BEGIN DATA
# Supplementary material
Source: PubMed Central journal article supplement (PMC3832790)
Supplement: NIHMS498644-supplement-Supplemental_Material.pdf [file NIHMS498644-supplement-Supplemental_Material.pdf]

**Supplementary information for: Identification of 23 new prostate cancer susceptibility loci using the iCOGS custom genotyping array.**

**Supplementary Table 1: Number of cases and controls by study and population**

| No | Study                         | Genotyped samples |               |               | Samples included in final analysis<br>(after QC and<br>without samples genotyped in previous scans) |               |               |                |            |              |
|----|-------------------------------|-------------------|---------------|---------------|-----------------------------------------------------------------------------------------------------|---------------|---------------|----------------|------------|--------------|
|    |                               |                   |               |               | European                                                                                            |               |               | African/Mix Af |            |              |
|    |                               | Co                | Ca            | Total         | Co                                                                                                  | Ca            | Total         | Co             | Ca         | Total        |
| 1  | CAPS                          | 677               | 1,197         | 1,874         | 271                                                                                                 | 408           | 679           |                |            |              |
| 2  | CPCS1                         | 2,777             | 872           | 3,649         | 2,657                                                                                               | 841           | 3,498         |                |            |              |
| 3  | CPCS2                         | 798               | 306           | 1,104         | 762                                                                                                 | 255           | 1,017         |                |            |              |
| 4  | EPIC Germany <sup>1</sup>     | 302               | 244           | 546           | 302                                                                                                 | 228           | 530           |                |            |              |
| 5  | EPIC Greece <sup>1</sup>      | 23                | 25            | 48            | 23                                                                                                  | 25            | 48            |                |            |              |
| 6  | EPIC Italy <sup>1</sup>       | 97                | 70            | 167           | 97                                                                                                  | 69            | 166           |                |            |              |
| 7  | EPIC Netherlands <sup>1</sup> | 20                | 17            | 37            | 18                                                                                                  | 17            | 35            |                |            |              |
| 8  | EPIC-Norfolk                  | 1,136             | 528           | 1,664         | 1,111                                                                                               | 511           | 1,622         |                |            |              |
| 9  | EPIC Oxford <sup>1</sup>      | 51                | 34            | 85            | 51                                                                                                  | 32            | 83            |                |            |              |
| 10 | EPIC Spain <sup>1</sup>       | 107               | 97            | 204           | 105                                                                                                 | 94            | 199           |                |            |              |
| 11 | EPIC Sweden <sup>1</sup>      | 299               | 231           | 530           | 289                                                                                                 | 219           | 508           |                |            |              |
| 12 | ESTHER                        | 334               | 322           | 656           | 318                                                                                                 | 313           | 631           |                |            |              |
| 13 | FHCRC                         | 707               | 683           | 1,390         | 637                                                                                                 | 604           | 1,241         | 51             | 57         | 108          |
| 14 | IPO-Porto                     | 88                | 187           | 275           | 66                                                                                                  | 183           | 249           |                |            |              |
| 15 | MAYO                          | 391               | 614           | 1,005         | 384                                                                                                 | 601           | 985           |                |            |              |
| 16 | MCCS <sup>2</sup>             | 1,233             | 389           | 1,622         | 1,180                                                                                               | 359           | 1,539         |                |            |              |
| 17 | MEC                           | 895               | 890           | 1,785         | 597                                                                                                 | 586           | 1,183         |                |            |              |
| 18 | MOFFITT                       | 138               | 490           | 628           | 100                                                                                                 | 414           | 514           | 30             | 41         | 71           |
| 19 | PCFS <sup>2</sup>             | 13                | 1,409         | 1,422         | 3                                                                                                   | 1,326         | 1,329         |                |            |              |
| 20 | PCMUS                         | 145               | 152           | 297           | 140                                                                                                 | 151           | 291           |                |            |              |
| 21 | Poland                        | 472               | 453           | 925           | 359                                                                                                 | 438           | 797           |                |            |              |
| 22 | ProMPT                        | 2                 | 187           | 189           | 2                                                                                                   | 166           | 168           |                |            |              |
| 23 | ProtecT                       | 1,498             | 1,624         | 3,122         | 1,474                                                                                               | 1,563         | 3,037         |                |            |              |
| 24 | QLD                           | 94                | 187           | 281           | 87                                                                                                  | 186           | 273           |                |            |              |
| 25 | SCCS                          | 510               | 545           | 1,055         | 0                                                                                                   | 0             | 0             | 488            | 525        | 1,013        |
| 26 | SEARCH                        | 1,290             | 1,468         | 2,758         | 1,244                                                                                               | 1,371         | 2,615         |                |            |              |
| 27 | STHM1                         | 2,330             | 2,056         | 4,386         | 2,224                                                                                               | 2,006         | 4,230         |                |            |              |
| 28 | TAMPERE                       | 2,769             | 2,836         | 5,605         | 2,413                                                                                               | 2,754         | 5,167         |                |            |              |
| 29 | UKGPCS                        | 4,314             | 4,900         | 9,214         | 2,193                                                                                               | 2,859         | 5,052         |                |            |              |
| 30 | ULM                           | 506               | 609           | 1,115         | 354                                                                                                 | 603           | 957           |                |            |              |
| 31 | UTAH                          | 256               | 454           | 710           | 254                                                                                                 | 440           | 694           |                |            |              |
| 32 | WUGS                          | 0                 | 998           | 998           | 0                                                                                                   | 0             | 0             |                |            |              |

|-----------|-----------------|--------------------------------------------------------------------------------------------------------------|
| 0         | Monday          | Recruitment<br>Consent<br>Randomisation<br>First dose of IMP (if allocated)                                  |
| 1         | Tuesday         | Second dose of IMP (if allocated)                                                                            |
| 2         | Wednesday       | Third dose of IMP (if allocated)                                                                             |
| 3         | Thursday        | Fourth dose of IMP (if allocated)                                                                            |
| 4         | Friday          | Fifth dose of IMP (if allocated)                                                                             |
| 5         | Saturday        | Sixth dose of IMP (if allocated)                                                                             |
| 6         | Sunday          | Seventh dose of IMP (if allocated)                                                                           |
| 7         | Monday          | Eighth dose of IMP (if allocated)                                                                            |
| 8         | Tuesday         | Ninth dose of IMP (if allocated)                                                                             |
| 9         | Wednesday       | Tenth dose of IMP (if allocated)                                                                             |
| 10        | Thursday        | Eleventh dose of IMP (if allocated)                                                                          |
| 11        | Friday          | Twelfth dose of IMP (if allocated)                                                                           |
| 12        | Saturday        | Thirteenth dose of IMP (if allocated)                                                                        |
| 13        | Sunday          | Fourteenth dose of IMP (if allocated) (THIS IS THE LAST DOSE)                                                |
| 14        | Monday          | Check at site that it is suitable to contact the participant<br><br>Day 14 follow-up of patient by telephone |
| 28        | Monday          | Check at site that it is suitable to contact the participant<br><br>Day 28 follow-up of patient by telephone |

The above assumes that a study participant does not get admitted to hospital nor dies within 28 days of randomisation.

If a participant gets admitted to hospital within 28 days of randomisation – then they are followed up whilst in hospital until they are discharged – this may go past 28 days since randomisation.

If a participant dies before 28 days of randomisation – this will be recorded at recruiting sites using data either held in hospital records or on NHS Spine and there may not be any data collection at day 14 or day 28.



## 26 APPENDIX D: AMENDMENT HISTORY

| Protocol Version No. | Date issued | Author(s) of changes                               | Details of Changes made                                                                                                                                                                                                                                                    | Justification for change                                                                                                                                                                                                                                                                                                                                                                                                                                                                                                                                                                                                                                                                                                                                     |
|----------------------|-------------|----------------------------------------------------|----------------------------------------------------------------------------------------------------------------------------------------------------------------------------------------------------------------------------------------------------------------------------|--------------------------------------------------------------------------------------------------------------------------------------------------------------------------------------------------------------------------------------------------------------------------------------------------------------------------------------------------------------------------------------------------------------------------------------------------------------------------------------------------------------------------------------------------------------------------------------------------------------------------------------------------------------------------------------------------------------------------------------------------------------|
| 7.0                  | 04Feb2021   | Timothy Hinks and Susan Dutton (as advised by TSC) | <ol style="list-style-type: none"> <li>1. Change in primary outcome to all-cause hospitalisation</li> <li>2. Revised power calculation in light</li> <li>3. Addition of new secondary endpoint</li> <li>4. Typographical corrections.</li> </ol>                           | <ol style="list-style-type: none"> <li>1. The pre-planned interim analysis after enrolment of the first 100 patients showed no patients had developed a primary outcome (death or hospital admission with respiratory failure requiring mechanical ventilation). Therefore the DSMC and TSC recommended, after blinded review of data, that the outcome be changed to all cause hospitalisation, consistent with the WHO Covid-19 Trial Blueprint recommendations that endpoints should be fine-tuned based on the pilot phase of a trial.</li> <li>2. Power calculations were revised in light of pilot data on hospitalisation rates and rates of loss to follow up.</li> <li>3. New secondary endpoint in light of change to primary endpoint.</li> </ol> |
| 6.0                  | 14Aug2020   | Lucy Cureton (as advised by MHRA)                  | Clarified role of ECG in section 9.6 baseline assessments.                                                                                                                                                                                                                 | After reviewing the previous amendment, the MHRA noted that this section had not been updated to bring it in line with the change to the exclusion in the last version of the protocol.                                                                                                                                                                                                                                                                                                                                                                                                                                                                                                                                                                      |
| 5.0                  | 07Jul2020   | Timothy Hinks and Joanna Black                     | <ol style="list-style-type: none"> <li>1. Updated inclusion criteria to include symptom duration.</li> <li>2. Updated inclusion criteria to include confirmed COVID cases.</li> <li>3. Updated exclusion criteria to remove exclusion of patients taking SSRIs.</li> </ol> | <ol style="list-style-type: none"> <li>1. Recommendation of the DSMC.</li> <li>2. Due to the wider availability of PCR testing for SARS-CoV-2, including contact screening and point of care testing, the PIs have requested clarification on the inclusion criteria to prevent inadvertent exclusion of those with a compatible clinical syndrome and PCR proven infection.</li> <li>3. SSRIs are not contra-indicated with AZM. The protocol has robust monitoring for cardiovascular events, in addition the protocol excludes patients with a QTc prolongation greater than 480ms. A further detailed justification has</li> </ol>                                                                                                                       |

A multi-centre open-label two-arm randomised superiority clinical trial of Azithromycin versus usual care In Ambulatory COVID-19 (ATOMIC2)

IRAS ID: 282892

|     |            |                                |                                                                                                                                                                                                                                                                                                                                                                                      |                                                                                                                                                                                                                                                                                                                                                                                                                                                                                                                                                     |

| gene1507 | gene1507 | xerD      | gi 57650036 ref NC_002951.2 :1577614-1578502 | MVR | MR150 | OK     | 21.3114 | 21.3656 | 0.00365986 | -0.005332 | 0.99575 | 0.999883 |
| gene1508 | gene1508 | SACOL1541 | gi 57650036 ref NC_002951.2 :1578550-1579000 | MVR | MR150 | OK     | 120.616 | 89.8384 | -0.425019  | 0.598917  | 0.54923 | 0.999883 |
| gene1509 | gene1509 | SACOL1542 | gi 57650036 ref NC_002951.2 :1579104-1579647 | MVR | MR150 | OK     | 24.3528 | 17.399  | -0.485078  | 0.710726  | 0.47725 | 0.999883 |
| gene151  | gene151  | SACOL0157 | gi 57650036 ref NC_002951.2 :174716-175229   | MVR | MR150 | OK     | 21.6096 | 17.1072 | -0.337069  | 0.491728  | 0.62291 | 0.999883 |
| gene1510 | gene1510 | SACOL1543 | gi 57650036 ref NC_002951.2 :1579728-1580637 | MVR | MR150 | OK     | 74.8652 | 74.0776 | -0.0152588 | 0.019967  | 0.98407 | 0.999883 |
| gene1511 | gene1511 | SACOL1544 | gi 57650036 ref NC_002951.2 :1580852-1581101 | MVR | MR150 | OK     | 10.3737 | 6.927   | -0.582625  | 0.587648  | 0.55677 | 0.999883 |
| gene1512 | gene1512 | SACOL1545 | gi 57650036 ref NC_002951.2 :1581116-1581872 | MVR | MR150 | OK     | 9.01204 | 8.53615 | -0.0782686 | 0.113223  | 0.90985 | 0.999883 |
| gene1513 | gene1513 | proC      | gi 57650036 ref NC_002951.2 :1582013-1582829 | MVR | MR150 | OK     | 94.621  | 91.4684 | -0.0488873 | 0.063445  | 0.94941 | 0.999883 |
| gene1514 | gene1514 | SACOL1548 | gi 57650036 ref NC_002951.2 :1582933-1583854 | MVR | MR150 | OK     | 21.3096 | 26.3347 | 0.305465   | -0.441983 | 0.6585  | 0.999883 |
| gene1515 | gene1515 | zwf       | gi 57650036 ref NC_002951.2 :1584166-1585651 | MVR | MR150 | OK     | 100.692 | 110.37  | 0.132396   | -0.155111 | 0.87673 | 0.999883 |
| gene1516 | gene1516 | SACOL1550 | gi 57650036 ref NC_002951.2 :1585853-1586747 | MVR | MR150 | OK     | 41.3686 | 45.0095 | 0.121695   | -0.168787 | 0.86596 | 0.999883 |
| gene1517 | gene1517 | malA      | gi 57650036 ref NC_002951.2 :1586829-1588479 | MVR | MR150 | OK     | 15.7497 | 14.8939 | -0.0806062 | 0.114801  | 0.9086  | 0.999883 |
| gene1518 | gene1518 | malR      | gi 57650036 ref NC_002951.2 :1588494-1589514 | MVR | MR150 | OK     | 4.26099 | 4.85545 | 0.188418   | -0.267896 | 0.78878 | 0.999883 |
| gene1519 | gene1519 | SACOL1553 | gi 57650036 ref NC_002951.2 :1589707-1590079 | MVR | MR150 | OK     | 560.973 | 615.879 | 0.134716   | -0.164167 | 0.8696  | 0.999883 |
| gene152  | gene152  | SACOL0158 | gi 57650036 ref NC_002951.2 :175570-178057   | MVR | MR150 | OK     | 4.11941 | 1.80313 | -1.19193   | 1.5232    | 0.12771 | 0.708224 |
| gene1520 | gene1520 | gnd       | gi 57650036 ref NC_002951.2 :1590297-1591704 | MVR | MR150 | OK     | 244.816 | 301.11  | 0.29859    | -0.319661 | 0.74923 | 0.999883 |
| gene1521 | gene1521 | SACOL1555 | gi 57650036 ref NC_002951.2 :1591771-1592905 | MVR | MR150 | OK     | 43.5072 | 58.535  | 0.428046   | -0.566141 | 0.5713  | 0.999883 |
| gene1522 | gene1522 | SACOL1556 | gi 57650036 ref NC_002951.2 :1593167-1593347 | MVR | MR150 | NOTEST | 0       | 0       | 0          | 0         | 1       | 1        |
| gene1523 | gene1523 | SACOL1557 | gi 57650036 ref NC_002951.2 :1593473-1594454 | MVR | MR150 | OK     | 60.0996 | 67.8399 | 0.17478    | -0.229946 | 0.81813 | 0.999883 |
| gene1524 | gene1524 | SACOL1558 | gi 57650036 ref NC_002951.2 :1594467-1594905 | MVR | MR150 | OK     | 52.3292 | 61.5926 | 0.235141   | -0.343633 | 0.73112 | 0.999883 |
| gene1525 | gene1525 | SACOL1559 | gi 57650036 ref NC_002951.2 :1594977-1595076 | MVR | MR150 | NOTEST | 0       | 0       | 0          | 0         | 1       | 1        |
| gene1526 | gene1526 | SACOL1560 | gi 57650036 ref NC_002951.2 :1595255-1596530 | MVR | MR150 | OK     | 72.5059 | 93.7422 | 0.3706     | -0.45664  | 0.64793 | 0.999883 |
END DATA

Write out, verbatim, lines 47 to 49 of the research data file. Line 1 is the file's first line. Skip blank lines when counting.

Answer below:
| 4         | Friday          | Fifth dose of IMP (if allocated)                                                                             |
| 5         | Saturday        | Sixth dose of IMP (if allocated)                                                                             |
| 6         | Sunday          | Seventh dose of IMP (if allocated)                                                                           |